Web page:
Unformatted text preview: Copyrighted material CA MBRID GE TE XTS IN THE HISTORY O F PHIL OSO PHY RENt DESCA RTES Meditations on First Philosophy CA MBRI DGE TEXTS IN T H E HI STORY OF PH ILOSOP H Y Ser~. t diton KARL AM ERI KS P",ft ..a, of Philosophy a/ /lu U,,;vrr.;ty of NOIr~ Da_ DES M OND M. CLA RKE 170ft"'" of Philosophy a/ UII;W:N;ry Q,J1~g~ Cork mai~ obitniv. nI Camhridg. T.~fS in .he: HiSlory of Philosophy i• •n upo r>d II>< ra ng., va ~ a r>d q .... liry nf '.xlS in II.. hiOl...,. of ph ilooopb y which art availablt in English. The::Itt;" i""lud.. '<x1S by filmitiar na ...... (<uch Onean.. and KIn. ] Ir>d al.., by Its. wt!l-known .u.n., .... WIt<:rn"<'T po«iblt, lu" art ""blioh...! in rompl ... and unabtidg...! form, and It.nsl • •;.",. IU .pecially commis,ion...! for ,h. :Itt;". Ea<:h volume ro",.in •• critical in'nod..ro.,., fO§<"tMr wilt. • guide to further .... dins and any ..-...011' g\o!sa.;.. and mctual al'P"ralU>. volu ...... Irt designed for OI000n. usc a. undcrgraduII< and poo'g.ldual. '""'01 Ind will be of in, ...." "'" only .0 .tudents of phil<>«ophy, ho. also to a wida .i>di-cna: <>f ",ada. in tl>< hiOfOry of ocicncr, the h i.....,. o f throlosy, and .It<: hist<><y <>f ideas. "The a. n.. • RENE DES CARTES Meditations on First Philosophy with Selections from the Objections and Replies TRANSLATE D AND E DITED BY JOHN COTTI NGHAM U,.;wrsiry of R.~"di"g with an introductory essay by BERNARD WILLIAMS and a new introduction for this fililion by J OHN CO TTINGHAM REVIS ED E DITION 'U"""H l P OY Til ' . . . .. ""pl c nl ,,. THE UNI ••. • " " O ' ~ . . . . . ,PQ. Tho Pin 8ui\.Ji". TN"",i....., S".... Cambrid,j<, Uni«ol Ki".oom " . . . . . ,De. UNI .... . IT' . . . .. ,OIJ. Tho Edinbu+ Suild;ng. Combnd", "a. UK 00 _ """ So...,.. N........... ~T '''''''_ ''''. USA 071 ",, 11....._ " "-d. POri Melbou"", "'" J""7. Au"",I" Rni. d. Ala"""' " •• 30' 0 Modnd, 00<1< HOII><. Tho "'....[ronl. Cap< T.,...., kwor. Soulh Ahie. sr,'" hnp:!/.... ,",umbndi!<.orx Th" booI< i. mcopyri[lJil. Subjta f<) ">lu'",, ««q'<;'" ,lid IQ ,,.. r-Wons '" eollooa;" 1;';"'';''80 """"n"""~ no "l'rudum.,., "' '''l' 1"" ...,. ..... pia<. ";1""" .... ... "Ikn f'<'m''' .... or Combhd ... U....nil' r.a.. m.v.n, Fi ... publioh<d 1!oM Rtp,int<d '~ 7 ' ,,011 (_ I, ,,.cO, I~' '_ (twice), . " , (twice) _it«! nI,';"" .. i,h ...... ali""",,1 m>l= 1,,0; Rtprin«ol 'm (Iwice). '9910 """'" _ ' , ""', _ J r....i«) l'Iin,nI in ,I\< Uni,nI Ki. . . . . . ,I\< Uni""";I, I'f<oo.. Comb""" A """~tor- ..."..J ~." r", ,In> b«>~ " .",;/.obl< ""... ,iN 8",,,~ /jb.,,, of C""& .. ,, C.,,J,,p..,, ;.. ""W",...;". dM. o..c..",", RrnI'. ,),,0-"$0. jMnli,. oo.... d. pri ... philoooph". ~;.h J Mnli ..riom 0<> fill" phik><oph, 1 RrnI' 0.-.",,- Wi,h ><1«1.,." (""" It.. Obi«<;."" . od <q>1... 1{both) al"al ond " . ..... «ol by John Conin~m; wilh.n inirudO<lOl"}""" by II<=>"J 'II,IIi.... , nd • ..,... 'mrod..mo. lot Ih" «i;,"" by J<>/<n C<>nilldtom. _ Rl-< cd. Po , .... - {Con,llIidsoo ''''''' ill "'" MwlT '" p/>i'-'rh,) Ind ...... bibl~"I'lU<. 1 "k,,,_ .od 'nda. «aN 0 ,,, H'" 0 (it.o"Jb.td:) """ 0 l " H'I' , lPlp<lN<t.) I. Fi, .. pb,looopbT - ~~, ........ to ,l¢o. • . M<t"l'b""" - ta ~, to . Sa>. I. eun;"p.. .. , John. ''<)_ . II. Willi.t ..... lI<I ... nl Arthu, ...,tl. o.m.. !II. Ad;"""," ...... .. rue obi«t _ _ <um ""I",.., ..,,,iI,., """"""-I'.noIIKIt. s.1<crion~ IV. Tul<. V. s...... " I".EJU ", ,~ ,,.-.k>o ,)-.Wi• .....~ 0 JIl JLj66 J h,..Jbod". Ii... «lit .... I<aN 0 I" n ' l" I"ptrbad 0... «1";",, I..., 0 )LI jjLI' • '''~ 0 JIl lJ"" n• ..!"""" p.t pott>.t,k ,. •• Contents • 'I' ate Our ,mJ disti"d ~oo.. ,,"d rb. 'Omu ;"" arch' On Mrdjwjon Sj x Tb. Mll du/;"(/io,, M/WU" mjlld ""d b.ody I .... .07 " 7 Introductory essay Bernard Williams 'I w""ld not u~ anyonelo read Ihi, book exceptthOK who . re able and willing 10 meditale ","""sty wilh me', O¢Karl" says '0 his .ude.. in <he ,,",face (1'. 11 , below), and lie makes il dU'lha, he mean. the M~d;""io1I. no{ 10 be a "eati.." a mere exposition of philosophical ",aSOnS and.;onelusions, but nlthe. an uetdse in .hinking, pr...,nted as an encouragemall .nd aguide 10 rude .. who wil1think p!.ilo<ophically .hemsel~. Its thoughts, cotrl:lpondingly, are pr...,nled a5 Ihey mighl be conducted by iu .uthor _ ot ro,h •• , as though .hey we.e being conducted at tile very moment at which you rud them. Indttd, th. 'I" who i. haYing Ih..., thoUghll may lie yourself. Although we Ue conscious, in reading <h. MN;l4rio~., Ihat they were w.inen by a parti""lar person, R.... DcianCl, and al a particular time, about "~o, the 'I" thaI appean throughout them from Ihe finl ",n,en« on docs not lpecifically rep.esenl <hat person: il ,ep •...,nll anyon< who will l UI' inlO Ihe position it mark ... the position of the Ihinke. who i. prepared 10 U'COn,idc. and .«ast hn 0. lie, belief., as Descartes .upposed w. mighl, from Ihe ground up. Thn T il diffiormt, tllen, from <h. 'I· lhat o«un in the R.4'Ii4 10 IIIe Objutio7lS. (E>rtracu from boIh of Ihne also appea' in 1M volurroe; how tMy came 10 he wrinm i, explaint(\ by the tra",lator in his NoI:. on the IOXf, p. "Iiv. ) In ,he R.4'I~., Des.i::anes speaks STraightforwardly for himself, and the 'I' •• p.esents lhe author of Ih. Mdi'<ltiofu. The ' I' in the M~d;l4tio ... themselvCl repramlS their namlO. or prot;lgonnt. WMm ""'" may call 'the thinker', Of cou,,", the author has 10 !<Ike tCSpoIUibiliry for the thinker's reflections, He takes responsibiliry boIh fo, ,lie condUCI of them and for the-i. outcome, where <h., includes the bel iefs 10 which we: .baLI have bem led if .... are persuaded by lhe ."umenu, and also the improved SUlCI of mind lhat the author hpects US to ",,,h by following hn work. Bul the author i. not answerable for <:very notion entertained by dI(" thinktr and for evuy tum <hal the ",flection takes on the way, The ." ..iii ""ries Qf though .. ha. an upshOl or culmination, ruched in lhot Sixth MNiwion, and ..,"'" Qf lhot ,hink .... '. earli.. tooughu ha .. e btf:n ""ercomc and left behind in ,he process of reachi"ll that final poinl. Some Qf those woo .ubminN the Ob~mo ... found it hard 10 follow lhot working OUt of Ihis idea, and 10 sec how far lhe thinker had got at YJriou. poin .. in .h. Pf""'" 01 fe/kaion. It i•• till hafd today, and rommen· tators' discussions of Ihe Mtdit~lio~. often take Ihe form of asking how much at a gi ... n stag< Onea"n .ake. him""lf 10 hue "lablish~. ln such di<cussion., i. i. lH.cart~. and hi. in •• n.ion •• hat ro...., into quntion;.he modern obiectors addr... themsdvn. if 1... direaly than the obj«lOrs whO$<" Ie,,", Ip!"".r in thi ...olume, to the author. It wu, .ftor all, IX5Can.. woo goove.hot thinker II... di •• ctions he follows. Th.re i. a sug· genion implicit in 'he beginning of the work thO! the thinker <k>n not know how it will all turn out: but that is. ~ction. To say that it is a fiction is not necessarily 10 $;Iy that in lermS of the wOfk itself it is untrue. This miglu 1..0", bun a work in whim th. think..•• fictional ignonnce 01 how hi. r.Hection. would .urn OUt was ron"i",. ingly .unainN. To some ."tenl ;t il so, and to tha ••"tent, one 01 'M gifts offered to the reader by Ihi. extraordinary work i. a Irttdom.o write it difkremly, to .... our wi.h the thinker and end up in a differen. pia",. The r.writinll 01 Dr<.<an •• · .. ory in that w.y It.. <"Of1 . . i,utN • good de.1 of modern philosophy. How....., if would be wrong 10 .ugse.. that th. Medil4lio~. offen no mol" than an inviution to philosophical ..fl«tion, hy .. king ..,fM q ....tion. and ohowingone way in which they might be anlwered. W. a.. expea~, rather. to sense the autoor', guiding hand .hroughout. Modern r..den may ,ake .hi, for g.an'~ .00 •• ,ily, bccau$O Il>oy undern.im.at. Dr<.<an..' intention to eng.g. the re.der in 1M argumen,. They m.y think of th. M.d;latio~ ... just a device that IX"""".. chose: to g<t aero.. ,h. opinion.th •• we nOW find ..<fibed to him in histotiH of philosophy. It i., cenainly, a devicc fc:it convincing u., but;, i. more than (hot, becau$O il aim. 10 con .. ince u. by making u. conduct the argUfMn. our$Olv ... The fim f . .de~ 0/ tit. Mtdit;>cio'l' may Itave ~It the author's guiding pre$On", for a different rea,.,n, that they w.re consciouo of a kind of writing that it ....,mbl.d. It wa., and .. mains, a v.ry unu.ual wo.k, and there had n"er b«n a work of philosophy pruen'~ in ouch a form before. But .here did ."in, familiarly, work. of rdigiou. medita.ion, .nd Dr<.<aneo' book ..If-ron..io.,,ly .... mblc:. them. like many of them, it i, oot.nsibly di .. ided between day. of contempl ation and, again lik.tMm, it en.courall" and h.lp< the reader 10 Overro"", and gel rid of mislc:ading and seductive $Iar.. 01.1>0 $Qui,,., 0$ to arrive at an undentanding 0/ hi. or htr own nature and of a created being'. rela.ion. wilh God. ,. " Th~ who wrole religious meditations wen: acring as guides to a spirit- ual di5<:ipJine. [>t~.';,"n· work siyn hi, rtaden guida~ in an inrelJec.. tII<Il discipline. and Mips IDem 10 d~r in rhemselve5 puR intellectual conception. - oJ malt~r, of mind .nd of God _ from whic:h m.y wiU be able 10 Iorm a lruc: and unclouded understanding of the world. Th. inquiry in .... hich he lead. them does indeed yidel a conviction of d.e: .,.iS1m« of God. The,.., n no .usa" at .11 to .uppose thai Dcscartn wal inoin~O' in tht-~ Rligious aI~rmaliOrl$ (though ,!.wries thu _ribc to him o;omplu mategin of <:!«:ric h.« a mange ~pacil)' 10 lurv;ve.) WhIt i, true islh., the thoughts thaI Iud 10 1M$( <;ono;lusionl arc: 00'1 in me leal! religious in 'pir;., and God', ."i".net i. n •• bH,hed as a purely mt1aphyl- ial condu.ion. Anything to do with. ""Iigi"",]if. or, indud, with any dislin.ctinly religious asp«t. of life, will have 10 come in .fte. Oneonn' rellcctions aR o ver. The MtdiUrriolU, thollsh they hne an analogy 10 11'11 dition"l medilations that btiong to the r.ligious lif., assuredly do no< belong to it themselves. A still Kfute. diff.un.cc lies in the authority with which the twO kinds of wo.ks w.u offeRd. The authors of religious meditations claimed authority from their O.... n (Xpcricncc, but also, most ohen, from a uligious office. [kscarttS ~ nOt suppose that hi. .ight fo claim a reader'. atten· tion lin in any SlIeramemal, traditional Of profmional poIition. His auth· ority.o Jl,ow us how.o .hink lin only in .his, .hor he ha. himself,;u h. supposes, un.covued method. of limple, clur·hcaded and rational inquiry wh ich all ••ason.hl. people can conduct if Ihey clear thei. minds of pujudicc and address themselves in a maightfotward way to lhe q....tion •. No opccial rnoini"A, no uligiou. diKipliM, no knowle. of lexts o. of history il needed in order 10 do ,his. He was disposed to Ihink, in fact, thar such .hings could be an actual obstacl •. His iUlli~carion for beli.vinglha. hi. readers had these pow .... if only they could use .hem, i••o be found in the Mtdit.motU themselves. If we follow Dcsarru to .he: end 01 them and "cept hi. roruidcralions, we .... 11 have come 10 • cone_prion 01 oul"M'lvC$ ., noli.on.l, immaterial.e1ves born with po.e inl.llectual ideas and • cal'"city for uasonin, which en.lble us 10 ,rup in basic rclp«ts ,h. nature of the world. Each 01 ... ~ i!ldffd ."in in some kind 0 1 union with. particula. physical body. 'My body', one says, and Descartes took this ph .... se to rqistcr a profound midi, th.,what one truly is, i.. mind '",aUy di.tinct' from the body. W• .-d IItf\$Of)' information provided throu(l:h the: body no< only 10 oumvc in lhc: material world, Wt 10 find ou. particuJ.r tcientific laws. But our own nature, the: ""i.tcncc of God and indeed the: mosrabmact KI1.IrnIfI! features of the: physical world jt.dl can bt discovtttd, [kscartClsuppoted. by directed intell~.nd rational insighl. ,. /nrmJ",tory ..say Among these thing. w~ diocov.r, wh.., _ dir<'Ct our intellig.nce in Ih~ right way. is thaI we are ~nlP who •• ~ c.pabl~ 01 making jill! .ueh discoveries. and we vin insight into the wa y in which we can m.kt them. So w~ discover also how th. MtdUatio,u. a work of pu~ r.fl«tion aiming to 11ft UI lrom .rror and to help u. unde"tond th ... ba~ir m.ne", ,an .uc· Cftd. 1" ~nd lies in i" ~nning, T>OI illS! Meause irs author knows how the: thinker will COm~ OUI, bul in the philosophic.l .. n.. th>l if undertake to follow its method of inqui.,., our doing so. Dts<:anes suppos«l, i. justified by our Ming tM kind 01 ',..,>llIm that ir fin.lIy .how. u• • o M. Th~ .... thod deployed ond invoked in the M.diuWOIfJ works, To.n imponant degr~. through a rgument, clea r chain. of ,..,.ooning. This tells u. something of bo.... to ,ud the book. We are asked to argue:, not merely through it, hut wi.h i•. B«ause of this, it ilspeciaUy appropriate thattM book w.. associ.ted ... ill fi", publication, wilh Ob~'liotlJ and RtpU• •. One.n.. h.d some political motiv.s in having th. Obiution. assembled, as he: 0150 did in dedicating the: book to the Sorbon".. He w.nted to h.ve hi. work accepted by the rcligiou. authonli ... For the: ... ",. . e. son, M did not welcome an the Ob~(/io". that were roll<'Cted by his friend Mer· senne, wh o organised the cn,rrpri.., being .mb.,•• ....! in patticula. by those of the English sceplic and m.t~riali" Hobbes. But wh>lev~r the: . ... . ogy of the publication, it wa •• rue '0 ,h •• piri. of the .....,..k, as Onean.. dearly beli .... ed, Ihat it should appe .. t~th.r with .rgum..,,, attempting to refute it or defend i•. II we.,.., '0 !"tad th. Mtditatio". properly. we muS! ... "",mMr th •• the thin ker is not .imply the aUlhor. We must nO! forget ,hat the work i•• carefully designed whole, of greallit ••a.,. cunning, and th>l it ra .. ly la~ OUt arguments in a complete Or formal way. But Ihis o:Iofs !lot mean , h.t it is no. ,u".ined by argum.n" o. ,h • • arguing wi.h it i. inappropriate. II "",an. only th., we mu .. f~ad il carefully to find out what ill a<gllmen" arc, and what Oneart"';s taking for gr.nted. II _ rcfl<'Ct on wh.t h(;1 .aking for gr.n.ed o r a.king u. by impiiation '0 .«CP', w. a.. doing put of what h~ invited us to do, " 'hen h...ked ~. to meditate with him. A question of whal he: ill taking for granted prnenlS itself ngh, or ,he: beginning. ' Rea${}n now Ie. d..... to think', he wri teS in 'M Fim Media'ion (p. ,~, below) w. Ih;t{ I should bold bad: my .... nl from opini"". whidJ .'" not complnely unain .nod ind"bitablt iust •• ","",fully a. I do from thoot ....hich ..... potently false. So, lor thr pu~ of n'j«ting .11 my opiniON. il will be enough if I find in each of them 0,1ea" 0Qm( rcuon lor doub!. And 10 do this I will nOl need 10 ",n through them . u individ .... lIy ... Once me foundotion. of • buiidins ar ......xrmincd. anything buil, on.hem ct>Ilapoc$ of i.. <>WIt accOld; so I wiU go .... ight for m. ba.ic ptincip\co on which .l1 my formt1" belifflruted. 'I' ate Why doc. ..a... n now lead him to think thi.? Everyone i. engaged in 'rying 10 gel in/ormation about malters 0/ 'on~rn 10 him; rome, such as DeoanH, .r. in volved in .h. Ki.ne.. and wan' to a.. ive at sy.um.tic Ind rca ... ned ~liek aboul nalure, But no on. ordinarily supposes ,hallh. rational way to stan on thne things i•• o .hrow aw.y or loy aside all .h. inform•• ion on • •hinks on •• lrudy h••. Dnan.. thinks not only th •• this is 11M: right course for him, bUllhl il i• ..,If-evidently the right coursc for him. Why should he think thi.? Why should doubl oeem the path to knowltd~, if lhe .. is a palh.o knowledge'l .ll? We mull nori~ lim Ih at.he approach i. nOt . uppow<l.o be applied 10 tht ordin.ry .ffairs of li f• . DCK. r ... m.k .. th.1 point oyer and oy.. apin, ,"ying for inst.n« th •• w. must distinguish be.woen 'the actions of ~ft· and 'the search for Il'Uth·; and in !he S)",op';, to the Mtd,.t.oriofts (p. ' I, be:low) he i, p.. p...d.o u.., .uch. distinction even 10 define wh •• counts a, Kriouo: 'no •• ne ptUOI"I has .... r ..,riou.ly doub,ed thne ,hings'. H. don no' mun that the r«ulIO of hi. reflection. will nol affect ordinary prama or the conduct of .h. Ki.n .... On the conl1ary, this i. what h. hopes they will do, scmng the scim.... for ins!Once, 00 the right path. Nor don he think Ih .t thne reflections ... a triv;.l way of passing the lime. ll\(y Q!IOOf be mat, if ......tTtlUally they could ha.elhnc ~Ql.nd scien· tific effects. He m.y .hink .ha. it is particularly hi. own, the au.hor·" u.., 0/ Ihe Doub. th.1 will have those effect" but he .1... be:1~voslh.t it is. _nhwhil. exerci.., lor any 0/ us, on~ in a lifc!ime, to take temporllrily the position of the thinker of such ..flccrion., .nd this will not be. trivi.l undertaking, ";I"'r. Indeed, h. hi"",,]f said that the meditation to wh ich 1M: invited 1,1$ in th. Pma« was itK1I, in its own way, ''''riou.'. When Descanos says Ih.t the thoughu deploying th. Doubt a.. to be separated from pracricallife, and in lhat sen.., tb ut only in Ihat sen..,) arc not '..,riou,', he is defining a speci al kind of intellectual project whith by ilS n'lUre an be: «InduCted only if it i. sep~rated from ~1l oth.r ~C"tivi,;ts, In ordinary life, when"'" w.nt the .lUth on a subject, w~ p~ .. ue it, n..., ..• arily, in a context of other thingo Ih .t w. art .iming to do, including other inquirios we need to m.ke. Th. pattern of our inquiries i< formed by man y «Innraint. On how we con sptnd ourt;me ~nd .... rgi .., and by consideration. of what we ri,k by failing to look into one thing Or spendi ng too long looking into another. Thne const~nt and often implicit calculations of 1M economics of inquiry help to sh apt ,he body 01 OUr beliefs; and Ihey hav~ the «In..,quenathat our be:lids, while th~y aim •• tru.h, will, in ....+ lably, only partly .chi""e it. Dnattn conceived of a ptojtct th•• would ~ PIl.t ly th .... reh fo r truth, and would be: ~nconstrained by any other objo«.ivn at all . 8ecou.., it 'empor.lrily lays a.ide the demands of pracri· alrationality, it hal 10 be: det.ched from pr.cti«; .nd beauS( il il con· "...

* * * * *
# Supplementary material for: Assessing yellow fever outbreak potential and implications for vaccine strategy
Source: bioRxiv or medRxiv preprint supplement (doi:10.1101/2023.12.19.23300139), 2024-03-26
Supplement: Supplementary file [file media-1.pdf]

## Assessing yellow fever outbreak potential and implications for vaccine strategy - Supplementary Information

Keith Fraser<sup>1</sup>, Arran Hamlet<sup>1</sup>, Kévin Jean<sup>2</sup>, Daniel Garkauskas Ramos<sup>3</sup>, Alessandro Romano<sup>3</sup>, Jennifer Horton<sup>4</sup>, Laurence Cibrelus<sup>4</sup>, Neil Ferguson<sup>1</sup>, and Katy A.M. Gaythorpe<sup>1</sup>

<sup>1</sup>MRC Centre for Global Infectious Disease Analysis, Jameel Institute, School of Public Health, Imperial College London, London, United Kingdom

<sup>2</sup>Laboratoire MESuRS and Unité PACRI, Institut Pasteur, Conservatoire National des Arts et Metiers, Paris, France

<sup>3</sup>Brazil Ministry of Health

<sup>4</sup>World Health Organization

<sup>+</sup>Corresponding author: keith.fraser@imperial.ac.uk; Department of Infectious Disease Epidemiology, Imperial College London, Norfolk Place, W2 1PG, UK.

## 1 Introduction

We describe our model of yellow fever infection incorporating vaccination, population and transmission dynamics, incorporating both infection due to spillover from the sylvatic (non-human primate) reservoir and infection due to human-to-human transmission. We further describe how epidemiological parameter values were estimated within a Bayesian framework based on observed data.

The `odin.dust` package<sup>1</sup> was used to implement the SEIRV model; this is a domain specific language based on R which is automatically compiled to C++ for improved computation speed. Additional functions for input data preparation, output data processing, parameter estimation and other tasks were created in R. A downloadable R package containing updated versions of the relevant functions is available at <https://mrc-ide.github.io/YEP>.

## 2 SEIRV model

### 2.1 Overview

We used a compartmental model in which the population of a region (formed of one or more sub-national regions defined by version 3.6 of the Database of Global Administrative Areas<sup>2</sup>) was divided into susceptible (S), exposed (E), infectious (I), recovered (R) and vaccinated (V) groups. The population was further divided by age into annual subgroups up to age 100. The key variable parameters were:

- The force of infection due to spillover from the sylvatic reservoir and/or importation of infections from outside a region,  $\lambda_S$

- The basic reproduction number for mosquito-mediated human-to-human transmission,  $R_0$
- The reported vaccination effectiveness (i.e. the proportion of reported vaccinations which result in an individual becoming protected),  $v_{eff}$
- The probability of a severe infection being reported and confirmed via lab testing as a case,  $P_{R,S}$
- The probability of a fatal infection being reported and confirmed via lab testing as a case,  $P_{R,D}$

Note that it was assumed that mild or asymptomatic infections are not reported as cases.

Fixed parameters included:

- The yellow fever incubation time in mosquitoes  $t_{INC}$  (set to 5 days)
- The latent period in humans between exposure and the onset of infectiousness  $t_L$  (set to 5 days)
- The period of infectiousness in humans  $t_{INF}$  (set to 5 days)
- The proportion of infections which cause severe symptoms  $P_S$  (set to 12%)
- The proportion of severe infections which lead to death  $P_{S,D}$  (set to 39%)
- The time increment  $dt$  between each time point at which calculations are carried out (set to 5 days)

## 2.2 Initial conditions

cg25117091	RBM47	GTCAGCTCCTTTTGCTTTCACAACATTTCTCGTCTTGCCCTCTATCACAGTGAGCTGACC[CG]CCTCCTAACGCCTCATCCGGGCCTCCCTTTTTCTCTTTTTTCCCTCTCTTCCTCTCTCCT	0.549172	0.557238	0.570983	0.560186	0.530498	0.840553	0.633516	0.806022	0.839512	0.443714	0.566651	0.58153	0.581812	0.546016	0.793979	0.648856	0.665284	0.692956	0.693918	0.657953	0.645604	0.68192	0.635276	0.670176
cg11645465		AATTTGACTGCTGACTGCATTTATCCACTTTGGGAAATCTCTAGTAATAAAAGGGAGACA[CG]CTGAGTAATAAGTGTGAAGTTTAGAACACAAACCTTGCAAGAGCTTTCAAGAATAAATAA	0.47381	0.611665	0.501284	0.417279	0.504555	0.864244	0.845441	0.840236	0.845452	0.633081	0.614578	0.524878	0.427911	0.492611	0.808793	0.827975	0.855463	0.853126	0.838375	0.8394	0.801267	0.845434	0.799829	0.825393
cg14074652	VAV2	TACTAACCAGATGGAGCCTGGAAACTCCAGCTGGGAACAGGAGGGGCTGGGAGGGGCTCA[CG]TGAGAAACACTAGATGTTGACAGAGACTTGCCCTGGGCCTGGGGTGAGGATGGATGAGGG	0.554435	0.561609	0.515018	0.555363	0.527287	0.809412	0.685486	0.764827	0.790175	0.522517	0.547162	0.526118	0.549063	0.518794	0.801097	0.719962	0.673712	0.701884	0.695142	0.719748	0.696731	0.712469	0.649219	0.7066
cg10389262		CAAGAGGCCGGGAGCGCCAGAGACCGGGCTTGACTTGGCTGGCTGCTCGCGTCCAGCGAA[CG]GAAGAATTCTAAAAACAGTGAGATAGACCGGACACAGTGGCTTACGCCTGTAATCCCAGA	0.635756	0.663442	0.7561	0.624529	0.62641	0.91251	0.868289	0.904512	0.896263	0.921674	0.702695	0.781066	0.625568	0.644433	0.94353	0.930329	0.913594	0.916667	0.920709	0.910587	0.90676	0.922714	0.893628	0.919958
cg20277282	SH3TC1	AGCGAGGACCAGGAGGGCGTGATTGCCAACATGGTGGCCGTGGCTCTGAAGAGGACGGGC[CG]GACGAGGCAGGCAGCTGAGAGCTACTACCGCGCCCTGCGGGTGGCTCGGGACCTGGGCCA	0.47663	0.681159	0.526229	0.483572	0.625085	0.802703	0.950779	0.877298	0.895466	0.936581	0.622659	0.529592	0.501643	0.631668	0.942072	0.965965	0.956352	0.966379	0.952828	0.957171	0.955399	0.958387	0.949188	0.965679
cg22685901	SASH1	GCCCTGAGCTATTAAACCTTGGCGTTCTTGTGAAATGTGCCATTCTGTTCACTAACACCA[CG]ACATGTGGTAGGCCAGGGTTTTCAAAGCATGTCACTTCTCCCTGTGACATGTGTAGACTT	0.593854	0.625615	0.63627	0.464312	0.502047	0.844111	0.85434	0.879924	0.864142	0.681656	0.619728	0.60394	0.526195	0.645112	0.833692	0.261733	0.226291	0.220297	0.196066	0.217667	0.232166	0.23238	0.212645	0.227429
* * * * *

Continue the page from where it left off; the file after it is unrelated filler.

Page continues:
View Full Document

{[ snackBarMessage ]}

What students are saying

  • Left Quote Icon

    As a current student on this bumpy collegiate pathway, I stumbled upon Course Hero, where I can find study resources for nearly all my courses, get online help from tutors 24/7, and even share my old projects, papers, and lecture notes with other students.

    Student Picture

    Kiran Temple University Fox School of Business ‘17, Course Hero Intern

  • Left Quote Icon

    I cannot even describe how much Course Hero helped me this summer. It’s truly become something I can always rely on and help me. In the end, I was not only able to survive summer classes, but I was able to thrive thanks to Course Hero.

    Student Picture

    Dana University of Pennsylvania ‘17, Course Hero Intern

  • Left Quote Icon

    The ability to access any university’s resources through Course Hero proved invaluable in my case. I was behind on Tulane coursework and actually used UCLA’s materials to help me move forward and get everything together on time.

    Student Picture

    Jill Tulane University ‘16, Course Hero Intern